ARTICLE | doi:10.20944/preprints202008.0633.v1
Subject: Biology, Other Keywords: giant phage; phiKZ; Pseudomonas aeruginosa; nucleoid; pseudo-nucleus; analytical electron microscopy; electron tomography; fluorescent in situ hybridization; stress response
Online: 28 August 2020 (10:29:39 CEST)
Bacteria develop various defense mechanisms against stresses, including the bacteriophage infection. The giant phiKZ phage infection induced the appearance of a pseudo-nucleus inside the bacterial cytoplasm. Here, we used FISH, electron tomography and analytical electron microscopy to study the morphology of this unique nucleus-like shell and to demonstrate the distribution of phiKZ and bacterial DNA in infected P. aeruginosa cells. The maturation of the pseudo-nucleus was traced in short intervals for 40 min after infection. This study was accompanied by the identification of phiKZ and bacterial DNA by real-time RCR. We demonstrated that phage DNA that isolated from the cytoplasm during all infection stages were compacted within the pseudo-nucleus in a specific structure. Bacterial DNA was diminished in the course of infection, but did not completely degrade until at least 40 min after phage application. The content of the total phage DNA, on the other hand, increased. EDX analysis confirmed these results and revealed that, during the infection, Sulfur content in the bacterial cytoplasm increased, which suggests the increase of DNA-binding Met-reach proteins synthesis, which could protect bacterial DNA from stress.
REVIEW | doi:10.20944/preprints202206.0022.v1
Subject: Life Sciences, Virology Keywords: SARS-CoV-2; COVID-19; Omicron; bioinformatics; immune escape; RBD mutations; vaccine development
Online: 1 June 2022 (14:12:36 CEST)
The evolution and the emergence of new mutations of viruses affect their transmissibility and/or pathogenicity features, depending on different evolutionary scenarios of virus adaptation to the host. A typical trade-off scenario of SARS-CoV-2 evolution has been proposed, which leads to the appearance of an Omicron strain with lowered lethality, yet enhanced transmissibility. This direction of evolution might be partly explained by virus adaptation to therapeutic agents and enhanced escape from vaccine-induced and natural immunity formed by other SARS-CoV-2 strains. Omicron’s high mutation rate in the Spike protein, as well as its previously described high genome mutation rate (Kandeel et al., 2021), revealed a gap between it and other SARS-CoV-2 strains, indicating the absence of a transitional evolutionary form to the Omicron strain. Therefore, Omicron has emerged as a new serotype and divergent from the evolutionary lineage of other SARS-CoV-2 strains. Omicron is a rapidly evolving variant of high concern, whose new subvariants continue to manifest. Its further understanding and the further monitoring of key mutations that provide virus immune escape and/or high affinity towards the receptor could be useful for vaccine and therapeutic development in order to control the evolutionary direction of the COVID-19 pandemic.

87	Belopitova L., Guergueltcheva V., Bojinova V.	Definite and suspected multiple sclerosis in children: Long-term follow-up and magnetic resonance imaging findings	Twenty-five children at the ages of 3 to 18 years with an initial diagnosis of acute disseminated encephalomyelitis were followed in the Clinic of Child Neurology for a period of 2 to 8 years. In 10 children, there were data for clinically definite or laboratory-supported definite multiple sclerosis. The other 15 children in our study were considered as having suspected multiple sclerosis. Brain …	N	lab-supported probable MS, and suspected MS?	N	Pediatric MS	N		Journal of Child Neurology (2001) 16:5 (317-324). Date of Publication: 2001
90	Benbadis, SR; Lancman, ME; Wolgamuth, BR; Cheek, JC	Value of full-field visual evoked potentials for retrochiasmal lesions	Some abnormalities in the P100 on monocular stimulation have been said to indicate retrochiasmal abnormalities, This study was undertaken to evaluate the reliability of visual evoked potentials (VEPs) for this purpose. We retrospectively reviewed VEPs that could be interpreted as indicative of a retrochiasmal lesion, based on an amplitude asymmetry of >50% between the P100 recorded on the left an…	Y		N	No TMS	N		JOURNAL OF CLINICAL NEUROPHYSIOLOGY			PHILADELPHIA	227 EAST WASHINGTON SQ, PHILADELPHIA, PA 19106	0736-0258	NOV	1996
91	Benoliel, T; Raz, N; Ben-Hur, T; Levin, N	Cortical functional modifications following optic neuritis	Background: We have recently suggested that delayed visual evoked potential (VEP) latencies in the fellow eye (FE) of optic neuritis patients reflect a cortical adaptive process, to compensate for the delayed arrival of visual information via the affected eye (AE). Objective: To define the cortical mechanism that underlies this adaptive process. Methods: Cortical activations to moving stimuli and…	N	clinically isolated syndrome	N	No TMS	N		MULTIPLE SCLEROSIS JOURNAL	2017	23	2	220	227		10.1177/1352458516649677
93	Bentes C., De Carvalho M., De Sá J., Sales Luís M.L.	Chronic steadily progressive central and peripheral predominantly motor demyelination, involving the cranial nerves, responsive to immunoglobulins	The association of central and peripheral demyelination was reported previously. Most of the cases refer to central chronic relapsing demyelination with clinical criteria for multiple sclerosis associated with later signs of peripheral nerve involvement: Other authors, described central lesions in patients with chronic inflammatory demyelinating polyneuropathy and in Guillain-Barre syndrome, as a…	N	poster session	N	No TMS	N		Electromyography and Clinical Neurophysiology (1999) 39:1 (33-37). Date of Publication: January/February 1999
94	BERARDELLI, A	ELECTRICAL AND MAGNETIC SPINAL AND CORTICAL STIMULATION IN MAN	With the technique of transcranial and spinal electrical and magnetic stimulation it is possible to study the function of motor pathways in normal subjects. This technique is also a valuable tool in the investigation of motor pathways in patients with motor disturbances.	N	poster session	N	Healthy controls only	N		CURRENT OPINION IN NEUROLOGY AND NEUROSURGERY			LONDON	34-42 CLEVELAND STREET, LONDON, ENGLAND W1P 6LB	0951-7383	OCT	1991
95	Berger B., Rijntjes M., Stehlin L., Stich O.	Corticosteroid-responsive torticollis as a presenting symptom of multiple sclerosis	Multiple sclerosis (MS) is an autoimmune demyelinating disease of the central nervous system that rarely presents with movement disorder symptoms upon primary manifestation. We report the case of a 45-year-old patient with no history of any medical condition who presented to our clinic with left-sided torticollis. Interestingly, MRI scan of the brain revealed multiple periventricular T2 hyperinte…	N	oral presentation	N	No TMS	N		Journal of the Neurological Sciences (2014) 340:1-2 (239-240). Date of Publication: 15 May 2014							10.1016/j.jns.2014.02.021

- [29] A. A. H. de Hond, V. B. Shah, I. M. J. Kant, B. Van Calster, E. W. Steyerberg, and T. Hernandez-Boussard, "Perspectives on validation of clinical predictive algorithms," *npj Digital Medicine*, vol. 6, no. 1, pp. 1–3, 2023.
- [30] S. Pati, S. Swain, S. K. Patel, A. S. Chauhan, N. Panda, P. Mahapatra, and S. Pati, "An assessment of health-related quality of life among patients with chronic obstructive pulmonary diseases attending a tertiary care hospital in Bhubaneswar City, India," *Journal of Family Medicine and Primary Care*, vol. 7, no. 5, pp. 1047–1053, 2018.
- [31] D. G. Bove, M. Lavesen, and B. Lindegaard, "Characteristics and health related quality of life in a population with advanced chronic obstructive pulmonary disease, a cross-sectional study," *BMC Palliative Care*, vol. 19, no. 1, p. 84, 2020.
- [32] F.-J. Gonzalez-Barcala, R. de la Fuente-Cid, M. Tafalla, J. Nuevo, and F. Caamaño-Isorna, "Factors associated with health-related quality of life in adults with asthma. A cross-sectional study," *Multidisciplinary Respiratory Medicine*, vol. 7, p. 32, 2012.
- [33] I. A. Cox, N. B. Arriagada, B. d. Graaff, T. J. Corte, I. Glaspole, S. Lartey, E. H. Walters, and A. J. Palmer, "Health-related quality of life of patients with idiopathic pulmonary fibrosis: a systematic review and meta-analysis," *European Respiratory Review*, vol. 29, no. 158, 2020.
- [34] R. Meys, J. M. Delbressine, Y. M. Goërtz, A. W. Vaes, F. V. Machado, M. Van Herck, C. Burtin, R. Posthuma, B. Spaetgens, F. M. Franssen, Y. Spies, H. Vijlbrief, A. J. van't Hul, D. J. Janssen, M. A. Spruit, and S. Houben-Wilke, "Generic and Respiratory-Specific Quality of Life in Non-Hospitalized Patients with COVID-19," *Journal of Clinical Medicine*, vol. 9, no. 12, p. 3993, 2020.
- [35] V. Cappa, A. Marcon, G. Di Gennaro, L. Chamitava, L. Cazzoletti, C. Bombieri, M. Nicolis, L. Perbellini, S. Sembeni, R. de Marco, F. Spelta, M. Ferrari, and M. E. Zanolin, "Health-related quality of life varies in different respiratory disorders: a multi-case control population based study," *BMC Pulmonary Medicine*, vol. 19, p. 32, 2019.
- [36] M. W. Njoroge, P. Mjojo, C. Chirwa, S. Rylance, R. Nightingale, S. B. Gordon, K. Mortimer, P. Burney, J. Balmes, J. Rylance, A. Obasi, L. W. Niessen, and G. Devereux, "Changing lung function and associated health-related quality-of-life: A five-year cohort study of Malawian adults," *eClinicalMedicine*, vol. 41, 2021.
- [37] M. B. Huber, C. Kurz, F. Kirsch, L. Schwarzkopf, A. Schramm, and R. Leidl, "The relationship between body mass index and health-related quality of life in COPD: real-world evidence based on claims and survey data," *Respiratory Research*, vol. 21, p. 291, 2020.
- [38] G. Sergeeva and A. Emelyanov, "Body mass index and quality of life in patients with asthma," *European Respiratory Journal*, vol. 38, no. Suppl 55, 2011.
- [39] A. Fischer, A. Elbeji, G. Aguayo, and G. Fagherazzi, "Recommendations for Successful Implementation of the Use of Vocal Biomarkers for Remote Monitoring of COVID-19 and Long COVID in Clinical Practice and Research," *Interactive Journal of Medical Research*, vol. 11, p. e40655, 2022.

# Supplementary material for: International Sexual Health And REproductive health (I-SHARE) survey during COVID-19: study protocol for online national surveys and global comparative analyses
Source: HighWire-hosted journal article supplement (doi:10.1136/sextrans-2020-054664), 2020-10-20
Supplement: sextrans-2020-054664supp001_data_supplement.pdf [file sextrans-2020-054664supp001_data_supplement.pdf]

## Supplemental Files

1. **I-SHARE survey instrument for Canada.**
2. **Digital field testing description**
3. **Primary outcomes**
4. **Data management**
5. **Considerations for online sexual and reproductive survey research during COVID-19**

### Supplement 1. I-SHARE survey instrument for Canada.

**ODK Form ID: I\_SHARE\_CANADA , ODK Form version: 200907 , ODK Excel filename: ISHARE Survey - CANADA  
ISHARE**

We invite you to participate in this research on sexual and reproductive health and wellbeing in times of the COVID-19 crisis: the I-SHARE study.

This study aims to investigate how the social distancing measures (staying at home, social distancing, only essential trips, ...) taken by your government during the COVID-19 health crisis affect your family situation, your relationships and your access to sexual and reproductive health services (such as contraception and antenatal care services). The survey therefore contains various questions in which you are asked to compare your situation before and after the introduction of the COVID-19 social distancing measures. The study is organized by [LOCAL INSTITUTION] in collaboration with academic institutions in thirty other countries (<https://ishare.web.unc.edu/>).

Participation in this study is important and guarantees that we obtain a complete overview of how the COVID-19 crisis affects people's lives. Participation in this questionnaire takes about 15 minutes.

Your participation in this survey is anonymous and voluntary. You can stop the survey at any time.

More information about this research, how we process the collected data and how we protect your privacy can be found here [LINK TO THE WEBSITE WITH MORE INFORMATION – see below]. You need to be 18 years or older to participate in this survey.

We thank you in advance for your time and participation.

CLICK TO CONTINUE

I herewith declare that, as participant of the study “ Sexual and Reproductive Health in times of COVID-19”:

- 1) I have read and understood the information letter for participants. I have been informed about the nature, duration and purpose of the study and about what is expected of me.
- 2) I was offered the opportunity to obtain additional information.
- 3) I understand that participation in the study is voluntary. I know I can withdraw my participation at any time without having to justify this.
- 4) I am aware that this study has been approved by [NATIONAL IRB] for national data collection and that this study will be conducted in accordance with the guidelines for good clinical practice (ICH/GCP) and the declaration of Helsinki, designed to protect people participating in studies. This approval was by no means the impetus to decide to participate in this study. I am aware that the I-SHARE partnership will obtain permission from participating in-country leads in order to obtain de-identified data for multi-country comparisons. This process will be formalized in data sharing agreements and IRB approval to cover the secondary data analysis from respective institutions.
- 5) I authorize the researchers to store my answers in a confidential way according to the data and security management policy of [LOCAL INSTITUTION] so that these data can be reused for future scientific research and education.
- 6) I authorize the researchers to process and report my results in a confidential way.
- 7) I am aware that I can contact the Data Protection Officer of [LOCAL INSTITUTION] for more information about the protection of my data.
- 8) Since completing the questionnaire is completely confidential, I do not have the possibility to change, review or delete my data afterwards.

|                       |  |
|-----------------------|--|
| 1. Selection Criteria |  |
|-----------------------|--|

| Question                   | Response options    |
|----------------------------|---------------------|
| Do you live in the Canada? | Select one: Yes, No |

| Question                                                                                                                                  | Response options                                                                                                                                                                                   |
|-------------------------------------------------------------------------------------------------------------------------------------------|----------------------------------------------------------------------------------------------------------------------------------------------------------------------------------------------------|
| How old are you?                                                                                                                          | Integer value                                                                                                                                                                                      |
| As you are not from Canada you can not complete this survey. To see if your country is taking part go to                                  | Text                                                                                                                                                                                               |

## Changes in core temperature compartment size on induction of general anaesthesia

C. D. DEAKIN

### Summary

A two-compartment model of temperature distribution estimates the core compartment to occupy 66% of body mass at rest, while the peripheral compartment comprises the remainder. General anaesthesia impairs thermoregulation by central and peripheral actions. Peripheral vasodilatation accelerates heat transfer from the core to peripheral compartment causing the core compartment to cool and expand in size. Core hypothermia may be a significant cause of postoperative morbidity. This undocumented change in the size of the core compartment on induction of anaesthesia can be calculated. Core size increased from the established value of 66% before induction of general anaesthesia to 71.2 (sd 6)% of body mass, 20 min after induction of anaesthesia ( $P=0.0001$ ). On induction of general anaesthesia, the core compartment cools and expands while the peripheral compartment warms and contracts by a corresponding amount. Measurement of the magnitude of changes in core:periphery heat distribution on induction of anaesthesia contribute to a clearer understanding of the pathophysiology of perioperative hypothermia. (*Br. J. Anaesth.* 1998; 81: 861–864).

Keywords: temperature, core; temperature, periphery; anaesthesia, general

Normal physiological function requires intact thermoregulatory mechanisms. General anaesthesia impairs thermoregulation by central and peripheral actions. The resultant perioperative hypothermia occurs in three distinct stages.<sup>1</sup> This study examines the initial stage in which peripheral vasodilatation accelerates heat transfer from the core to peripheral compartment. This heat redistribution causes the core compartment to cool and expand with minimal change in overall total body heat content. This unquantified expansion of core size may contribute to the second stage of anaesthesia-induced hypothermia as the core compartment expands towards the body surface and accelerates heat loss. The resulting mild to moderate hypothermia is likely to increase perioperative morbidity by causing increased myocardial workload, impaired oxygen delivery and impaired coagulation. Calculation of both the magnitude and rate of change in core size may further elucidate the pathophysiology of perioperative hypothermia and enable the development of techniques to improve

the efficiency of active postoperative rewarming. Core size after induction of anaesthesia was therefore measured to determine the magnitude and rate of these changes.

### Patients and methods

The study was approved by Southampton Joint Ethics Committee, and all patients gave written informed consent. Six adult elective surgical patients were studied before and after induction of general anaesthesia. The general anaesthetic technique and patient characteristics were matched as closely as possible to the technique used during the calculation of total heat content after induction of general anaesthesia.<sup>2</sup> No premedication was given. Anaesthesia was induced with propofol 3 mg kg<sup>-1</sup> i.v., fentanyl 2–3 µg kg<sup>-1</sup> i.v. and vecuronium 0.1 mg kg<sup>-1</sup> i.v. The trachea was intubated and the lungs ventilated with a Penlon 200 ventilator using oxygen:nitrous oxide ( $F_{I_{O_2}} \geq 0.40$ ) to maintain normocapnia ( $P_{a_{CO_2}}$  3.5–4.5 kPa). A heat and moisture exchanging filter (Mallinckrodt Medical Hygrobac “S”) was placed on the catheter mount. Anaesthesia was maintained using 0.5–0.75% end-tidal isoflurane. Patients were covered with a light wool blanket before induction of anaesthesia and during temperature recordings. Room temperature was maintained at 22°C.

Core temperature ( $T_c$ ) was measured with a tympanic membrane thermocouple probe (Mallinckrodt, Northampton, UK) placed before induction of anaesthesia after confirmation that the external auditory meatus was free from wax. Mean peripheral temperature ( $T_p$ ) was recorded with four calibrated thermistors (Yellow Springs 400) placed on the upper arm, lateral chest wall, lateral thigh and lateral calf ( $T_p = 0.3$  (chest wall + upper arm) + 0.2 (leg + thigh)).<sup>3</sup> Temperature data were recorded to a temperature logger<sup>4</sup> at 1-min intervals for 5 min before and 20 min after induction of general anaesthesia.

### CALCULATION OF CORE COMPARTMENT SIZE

ARTICLE | doi:10.20944/preprints202206.0199.v1
Subject: Life Sciences, Biophysics Keywords: KCNQ1; Kv7.1; IKs; patch-clamp; inherited channelopathy; LQTS
Online: 14 June 2022 (08:42:22 CEST)
We identified a single nucleotide variation (SNV) (c.1264A>G) in the KCNQ1 gene in a 5-year-old boy who presented with a prolonged QT interval. His elder brother and mother, but not sister and father, also had this mutation. This missense mutation leads to a p.Lys422Glu (K422E) substitution in the Kv7.1 protein, never mentioned before. We inserted this substitution in an expression plasmid containing Kv7.1 cDNA and studied the electrophysiological characteristics of the mutated channel expressed in CHO-K1 using the whole-cell configuration of the patch-clamp technique. Expression of the mutant Kv7.1 channel in both homo- and heterozygous conditions, in the presence of auxiliary subunit KCNE1, results in a significant decrease in tail current densities compared to the expression of wild-type (WT) Kv7.1 and KCNE1. This study also indicates that K422E point mutation causes a dominant negative effect. The mutation was not associated with a trafficking defect, the mutant channel protein was confirmed to localize at the cell membrane. This mutation disrupts the poly-Lys strip in the proximal part of the highly conserved cytoplasmic A-B linker of Kv7.1, which was not shown before to be crucial for channel functioning.
ARTICLE | doi:10.20944/preprints202209.0024.v1
Subject: Life Sciences, Virology Keywords: flavivirus; tick-borne encephalitis; electron microscopy; EELS; nanoparticle tracking analysis; cryo-EM
Online: 1 September 2022 (10:54:41 CEST)
Tick-borne encephalitis virus (TBEV) is a RNA-containing enveloped virus, a member of the Flaviviridae family. Here we describe a detailed analysis of the size and structure of inactivated TBEV (the Sofyin-Chumakov TBEV strain, used in vaccines). Four analytical methods were used to analyze individual TBEV particles—negative staining TEM, cryo-EM, AFM, and NTA. All methods confirmed that the particles were monodisperse, and their mean size was ~50 nm. Cryo-EM data were used to obtain a 3D electron density model of the virus with clearly distinguishable E-proteins. STEM-EELS analysis detected phosphorous in the particles, which was interpreted as the RNA signal. Altogether, the described analytical procedures can be valuable for the further analysis of vaccine inactivated virus samples.